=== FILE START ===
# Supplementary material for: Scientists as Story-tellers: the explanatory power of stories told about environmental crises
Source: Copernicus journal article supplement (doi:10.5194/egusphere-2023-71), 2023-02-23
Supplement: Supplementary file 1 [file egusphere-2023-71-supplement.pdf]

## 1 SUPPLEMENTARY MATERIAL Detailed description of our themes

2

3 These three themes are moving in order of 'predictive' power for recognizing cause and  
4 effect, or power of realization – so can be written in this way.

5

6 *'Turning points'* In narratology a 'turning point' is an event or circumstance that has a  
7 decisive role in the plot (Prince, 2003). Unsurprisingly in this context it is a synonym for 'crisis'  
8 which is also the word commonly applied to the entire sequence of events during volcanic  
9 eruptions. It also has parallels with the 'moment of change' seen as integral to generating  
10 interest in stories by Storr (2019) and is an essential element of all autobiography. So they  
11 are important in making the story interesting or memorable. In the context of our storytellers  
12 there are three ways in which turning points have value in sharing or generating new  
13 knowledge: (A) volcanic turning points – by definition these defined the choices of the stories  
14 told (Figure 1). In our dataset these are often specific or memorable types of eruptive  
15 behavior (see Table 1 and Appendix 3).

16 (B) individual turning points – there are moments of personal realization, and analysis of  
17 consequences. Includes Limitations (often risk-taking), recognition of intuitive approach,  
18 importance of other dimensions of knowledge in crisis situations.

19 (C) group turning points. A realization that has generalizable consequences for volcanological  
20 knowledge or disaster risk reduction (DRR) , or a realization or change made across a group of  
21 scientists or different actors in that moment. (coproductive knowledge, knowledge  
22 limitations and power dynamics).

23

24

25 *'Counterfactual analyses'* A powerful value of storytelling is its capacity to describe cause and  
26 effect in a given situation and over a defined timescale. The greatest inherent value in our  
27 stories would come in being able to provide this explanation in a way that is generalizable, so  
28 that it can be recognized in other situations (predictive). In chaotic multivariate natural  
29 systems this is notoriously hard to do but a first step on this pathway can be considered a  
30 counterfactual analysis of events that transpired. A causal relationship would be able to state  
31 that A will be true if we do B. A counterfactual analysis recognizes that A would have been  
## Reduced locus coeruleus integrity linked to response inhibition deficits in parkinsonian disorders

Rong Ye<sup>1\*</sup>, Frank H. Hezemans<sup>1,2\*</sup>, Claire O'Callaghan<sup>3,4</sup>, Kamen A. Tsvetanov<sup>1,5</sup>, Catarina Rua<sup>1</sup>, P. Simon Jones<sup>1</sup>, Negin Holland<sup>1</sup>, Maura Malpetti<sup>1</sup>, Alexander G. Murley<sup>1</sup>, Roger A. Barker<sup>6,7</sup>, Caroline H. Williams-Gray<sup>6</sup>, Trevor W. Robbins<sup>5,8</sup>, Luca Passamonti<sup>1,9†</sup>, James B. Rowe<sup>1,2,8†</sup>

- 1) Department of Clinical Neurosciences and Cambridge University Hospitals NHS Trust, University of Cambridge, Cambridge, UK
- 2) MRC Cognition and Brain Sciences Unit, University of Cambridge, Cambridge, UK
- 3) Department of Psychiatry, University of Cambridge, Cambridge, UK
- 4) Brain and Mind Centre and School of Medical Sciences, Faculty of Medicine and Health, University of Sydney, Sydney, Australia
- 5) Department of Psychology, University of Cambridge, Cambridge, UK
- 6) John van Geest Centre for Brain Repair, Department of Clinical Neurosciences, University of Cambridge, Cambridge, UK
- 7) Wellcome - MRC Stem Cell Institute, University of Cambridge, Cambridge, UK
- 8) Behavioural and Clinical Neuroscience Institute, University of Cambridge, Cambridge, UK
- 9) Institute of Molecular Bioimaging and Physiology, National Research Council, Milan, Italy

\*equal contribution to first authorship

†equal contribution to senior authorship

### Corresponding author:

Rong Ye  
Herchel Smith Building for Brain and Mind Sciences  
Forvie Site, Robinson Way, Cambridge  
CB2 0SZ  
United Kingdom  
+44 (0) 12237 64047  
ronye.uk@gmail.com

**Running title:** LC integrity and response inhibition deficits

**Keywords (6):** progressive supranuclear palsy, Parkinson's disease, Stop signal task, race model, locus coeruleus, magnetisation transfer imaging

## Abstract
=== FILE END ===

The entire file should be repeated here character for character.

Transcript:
# Supplementary material for: Scientists as Story-tellers: the explanatory power of stories told about environmental crises
Source: Copernicus journal article supplement (doi:10.5194/egusphere-2023-71), 2023-02-23
Supplement: Supplementary file 1 [file egusphere-2023-71-supplement.pdf]

## 1 SUPPLEMENTARY MATERIAL Detailed description of our themes

2

3 These three themes are moving in order of 'predictive' power for recognizing cause and  
4 effect, or power of realization – so can be written in this way.

5

6 *'Turning points'* In narratology a 'turning point' is an event or circumstance that has a  
7 decisive role in the plot (Prince, 2003). Unsurprisingly in this context it is a synonym for 'crisis'  
8 which is also the word commonly applied to the entire sequence of events during volcanic  
9 eruptions. It also has parallels with the 'moment of change' seen as integral to generating  
10 interest in stories by Storr (2019) and is an essential element of all autobiography. So they  
11 are important in making the story interesting or memorable. In the context of our storytellers  
12 there are three ways in which turning points have value in sharing or generating new  
13 knowledge: (A) volcanic turning points – by definition these defined the choices of the stories  
14 told (Figure 1). In our dataset these are often specific or memorable types of eruptive  
15 behavior (see Table 1 and Appendix 3).

16 (B) individual turning points – there are moments of personal realization, and analysis of  
17 consequences. Includes Limitations (often risk-taking), recognition of intuitive approach,  
18 importance of other dimensions of knowledge in crisis situations.

19 (C) group turning points. A realization that has generalizable consequences for volcanological  
20 knowledge or disaster risk reduction (DRR) , or a realization or change made across a group of  
21 scientists or different actors in that moment. (coproductive knowledge, knowledge  
22 limitations and power dynamics).

23

24

25 *'Counterfactual analyses'* A powerful value of storytelling is its capacity to describe cause and  
26 effect in a given situation and over a defined timescale. The greatest inherent value in our  
27 stories would come in being able to provide this explanation in a way that is generalizable, so  
28 that it can be recognized in other situations (predictive). In chaotic multivariate natural  
29 systems this is notoriously hard to do but a first step on this pathway can be considered a  
30 counterfactual analysis of events that transpired. A causal relationship would be able to state  
31 that A will be true if we do B. A counterfactual analysis recognizes that A would have been  
## Reduced locus coeruleus integrity linked to response inhibition deficits in parkinsonian disorders

Rong Ye<sup>1\*</sup>, Frank H. Hezemans<sup>1,2\*</sup>, Claire O'Callaghan<sup>3,4</sup>, Kamen A. Tsvetanov<sup>1,5</sup>, Catarina Rua<sup>1</sup>, P. Simon Jones<sup>1</sup>, Negin Holland<sup>1</sup>, Maura Malpetti<sup>1</sup>, Alexander G. Murley<sup>1</sup>, Roger A. Barker<sup>6,7</sup>, Caroline H. Williams-Gray<sup>6</sup>, Trevor W. Robbins<sup>5,8</sup>, Luca Passamonti<sup>1,9†</sup>, James B. Rowe<sup>1,2,8†</sup>

- 1) Department of Clinical Neurosciences and Cambridge University Hospitals NHS Trust, University of Cambridge, Cambridge, UK
- 2) MRC Cognition and Brain Sciences Unit, University of Cambridge, Cambridge, UK
- 3) Department of Psychiatry, University of Cambridge, Cambridge, UK
- 4) Brain and Mind Centre and School of Medical Sciences, Faculty of Medicine and Health, University of Sydney, Sydney, Australia
- 5) Department of Psychology, University of Cambridge, Cambridge, UK
- 6) John van Geest Centre for Brain Repair, Department of Clinical Neurosciences, University of Cambridge, Cambridge, UK
- 7) Wellcome - MRC Stem Cell Institute, University of Cambridge, Cambridge, UK
- 8) Behavioural and Clinical Neuroscience Institute, University of Cambridge, Cambridge, UK
- 9) Institute of Molecular Bioimaging and Physiology, National Research Council, Milan, Italy

\*equal contribution to first authorship

†equal contribution to senior authorship

### Corresponding author:

Rong Ye  
Herchel Smith Building for Brain and Mind Sciences  
Forvie Site, Robinson Way, Cambridge  
CB2 0SZ  
United Kingdom  
+44 (0) 12237 64047  
ronye.uk@gmail.com

**Running title:** LC integrity and response inhibition deficits

**Keywords (6):** progressive supranuclear palsy, Parkinson's disease, Stop signal task, race model, locus coeruleus, magnetisation transfer imaging

## Abstract